Surviving Ragweed Allergies: 3 Tips for Fall Allergy Season

ragweed allergies

If Ragweed Allergies Have You Reaching For Tissues, These Tips Are For You!

Ragweed allergy season is upon us, a time of year many people celebrate by incessant sneezing. Fall allergy season is ragweed pollen’s time to shine, and if you’re one of the many seasonal allergy sufferers reaching for the tissues this fall, ragweed allergies may well be the source. 

If you have ragweed allergies and you inhale some of this pollen or let it hitch a ride back home with you on your clothes or hair, it can trigger an allergic reaction. While it’s hard to avoid ragweed altogether, there are steps you can take to mitigate your symptoms.

When Is Ragweed Allergy Season?

Ragweed releases its pollen between August and November, making late summer through early fall a sneezy ordeal for those who suffer from ragweed allergies. Because it blooms in August, you can expect ragweed pollen counts to peak in September and taper off through the rest of the season. 

As allergy sufferers know all too well, the best way to reduce allergy symptoms is to avoid the allergen—but ragweed pollen will not be cast aside so easily. Ragweed grows in open, sunny spaces all over North America (except for Alaska), with pollen so light that it can float easily through the air, potentially hundreds of miles from its point of origin. A single ragweed plant can produce 1 billion grains of pollen, causing allergy symptoms in about 15% of the population until the first frost arrives and kills the plant. 

What Causes Ragweed Allergies?

Ragweed pollen allergies are triggered when your immune system misidentifies ragweed pollen as a threat. When your immune system attempts to protect your body from the pollen, which is actually harmless, your body starts producing chemicals to fight off the danger. Ironically, your body’s efforts to protect you from ragweed pollen actually give you ragweed allergy symptoms.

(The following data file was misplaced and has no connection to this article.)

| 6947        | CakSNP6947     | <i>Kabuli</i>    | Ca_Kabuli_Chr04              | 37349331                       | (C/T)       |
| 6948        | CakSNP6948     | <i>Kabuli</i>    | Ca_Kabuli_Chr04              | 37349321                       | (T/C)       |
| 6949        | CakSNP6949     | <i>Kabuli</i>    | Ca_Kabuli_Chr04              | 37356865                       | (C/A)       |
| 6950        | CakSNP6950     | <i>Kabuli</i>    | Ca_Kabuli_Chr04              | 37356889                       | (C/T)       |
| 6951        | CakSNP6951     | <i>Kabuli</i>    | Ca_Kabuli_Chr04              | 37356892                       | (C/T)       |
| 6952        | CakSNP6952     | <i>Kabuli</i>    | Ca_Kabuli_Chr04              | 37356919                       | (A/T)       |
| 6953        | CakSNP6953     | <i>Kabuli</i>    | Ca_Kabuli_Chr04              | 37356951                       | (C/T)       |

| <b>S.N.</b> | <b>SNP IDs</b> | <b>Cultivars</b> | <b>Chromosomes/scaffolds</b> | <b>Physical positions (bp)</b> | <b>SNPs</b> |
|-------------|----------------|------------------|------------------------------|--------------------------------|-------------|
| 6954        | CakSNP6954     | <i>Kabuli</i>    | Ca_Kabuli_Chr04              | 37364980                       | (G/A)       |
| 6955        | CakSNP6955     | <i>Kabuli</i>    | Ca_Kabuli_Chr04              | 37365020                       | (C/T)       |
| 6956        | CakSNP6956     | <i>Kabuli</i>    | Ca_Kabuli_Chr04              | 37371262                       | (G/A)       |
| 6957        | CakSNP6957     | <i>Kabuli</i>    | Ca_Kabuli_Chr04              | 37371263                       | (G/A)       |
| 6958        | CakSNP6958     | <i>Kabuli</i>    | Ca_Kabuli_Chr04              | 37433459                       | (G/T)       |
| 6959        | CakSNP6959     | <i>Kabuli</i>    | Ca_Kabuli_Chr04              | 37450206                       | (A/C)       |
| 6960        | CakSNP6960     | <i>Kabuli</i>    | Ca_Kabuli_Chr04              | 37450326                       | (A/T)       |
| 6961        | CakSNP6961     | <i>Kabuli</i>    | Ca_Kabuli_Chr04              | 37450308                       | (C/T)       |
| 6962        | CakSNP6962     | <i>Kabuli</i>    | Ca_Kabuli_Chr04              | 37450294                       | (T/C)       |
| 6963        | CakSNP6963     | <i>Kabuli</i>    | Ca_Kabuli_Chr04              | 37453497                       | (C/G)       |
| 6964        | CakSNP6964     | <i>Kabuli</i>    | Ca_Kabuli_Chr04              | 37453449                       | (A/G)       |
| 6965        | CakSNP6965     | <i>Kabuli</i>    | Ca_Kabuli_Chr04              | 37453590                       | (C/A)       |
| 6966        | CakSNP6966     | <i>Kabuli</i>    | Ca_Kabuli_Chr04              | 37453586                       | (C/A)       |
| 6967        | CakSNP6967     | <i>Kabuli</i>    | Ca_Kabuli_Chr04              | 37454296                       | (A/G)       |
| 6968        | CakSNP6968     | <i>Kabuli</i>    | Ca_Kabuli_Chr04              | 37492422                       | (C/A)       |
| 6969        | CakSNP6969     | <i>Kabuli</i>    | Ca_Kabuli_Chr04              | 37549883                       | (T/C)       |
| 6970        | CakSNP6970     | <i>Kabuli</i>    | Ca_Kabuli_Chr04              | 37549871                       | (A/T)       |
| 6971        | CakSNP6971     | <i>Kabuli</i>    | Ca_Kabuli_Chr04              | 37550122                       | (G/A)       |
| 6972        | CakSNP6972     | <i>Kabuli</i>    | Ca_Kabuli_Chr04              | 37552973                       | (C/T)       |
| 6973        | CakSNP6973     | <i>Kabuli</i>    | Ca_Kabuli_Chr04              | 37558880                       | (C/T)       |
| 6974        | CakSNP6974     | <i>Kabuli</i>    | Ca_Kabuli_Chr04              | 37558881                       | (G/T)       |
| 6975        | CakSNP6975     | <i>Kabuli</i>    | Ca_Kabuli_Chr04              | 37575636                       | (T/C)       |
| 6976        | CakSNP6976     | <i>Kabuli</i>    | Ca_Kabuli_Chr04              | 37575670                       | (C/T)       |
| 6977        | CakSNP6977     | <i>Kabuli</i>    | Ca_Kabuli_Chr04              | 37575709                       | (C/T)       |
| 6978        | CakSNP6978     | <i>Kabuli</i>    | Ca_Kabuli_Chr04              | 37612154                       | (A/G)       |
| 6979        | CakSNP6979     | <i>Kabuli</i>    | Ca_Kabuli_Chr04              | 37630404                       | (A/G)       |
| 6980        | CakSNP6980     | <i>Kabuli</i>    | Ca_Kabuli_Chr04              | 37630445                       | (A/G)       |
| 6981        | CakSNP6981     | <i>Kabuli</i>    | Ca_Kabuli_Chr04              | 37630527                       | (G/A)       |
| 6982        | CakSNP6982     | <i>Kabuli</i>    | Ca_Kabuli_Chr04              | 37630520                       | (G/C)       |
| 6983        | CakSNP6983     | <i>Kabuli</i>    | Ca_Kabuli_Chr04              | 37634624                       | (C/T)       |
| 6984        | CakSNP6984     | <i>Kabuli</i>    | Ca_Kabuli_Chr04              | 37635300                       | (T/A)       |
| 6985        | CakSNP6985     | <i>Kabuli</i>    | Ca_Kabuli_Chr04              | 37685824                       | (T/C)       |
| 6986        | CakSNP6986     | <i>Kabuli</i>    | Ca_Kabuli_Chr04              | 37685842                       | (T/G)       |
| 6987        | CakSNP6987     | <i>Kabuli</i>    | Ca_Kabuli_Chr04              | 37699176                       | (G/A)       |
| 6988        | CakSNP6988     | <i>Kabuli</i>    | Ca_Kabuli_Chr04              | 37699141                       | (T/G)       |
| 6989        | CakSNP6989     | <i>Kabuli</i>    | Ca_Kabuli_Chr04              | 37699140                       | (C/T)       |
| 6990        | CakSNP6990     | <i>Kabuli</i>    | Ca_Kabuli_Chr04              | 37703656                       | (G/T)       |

Ragweed Allergy Symptoms:

  • Itchy, watery eyes
  • Runny nose
  • Sneezing
  • Congestion
  • Coughing
  • Scratchy throat
  • Sinus pressure (and the resulting facial pain)
  • Swelling or bluish tint in the skin beneath the eyes
  • Reduced sense of taste or smell
  • Poor quality of sleep
  • Fatigue
  • Hives 

Like other pollen allergies, ragweed pollen allergies can also cause hay fever (allergic rhinitis) and inflammation of the nasal passages. And, if you have asthma, ragweed pollen can cause asthma symptoms to flare up. If you have allergic asthma, use your inhaler when you notice symptoms, and seek immediate medical assistance if your asthma symptoms are severe.

Top 3 Tips for Surviving Ragweed Allergy Season

Now that you know your enemy as far as fall allergies are concerned, here’s how you can keep your exposure to ragweed pollen to a minimum during ragweed allergy season.

1: Minimize Your Exposure to Ragweed 

  • Keep an eye on the pollen forecast to stay informed on the concentration of ragweed and other allergens in your area.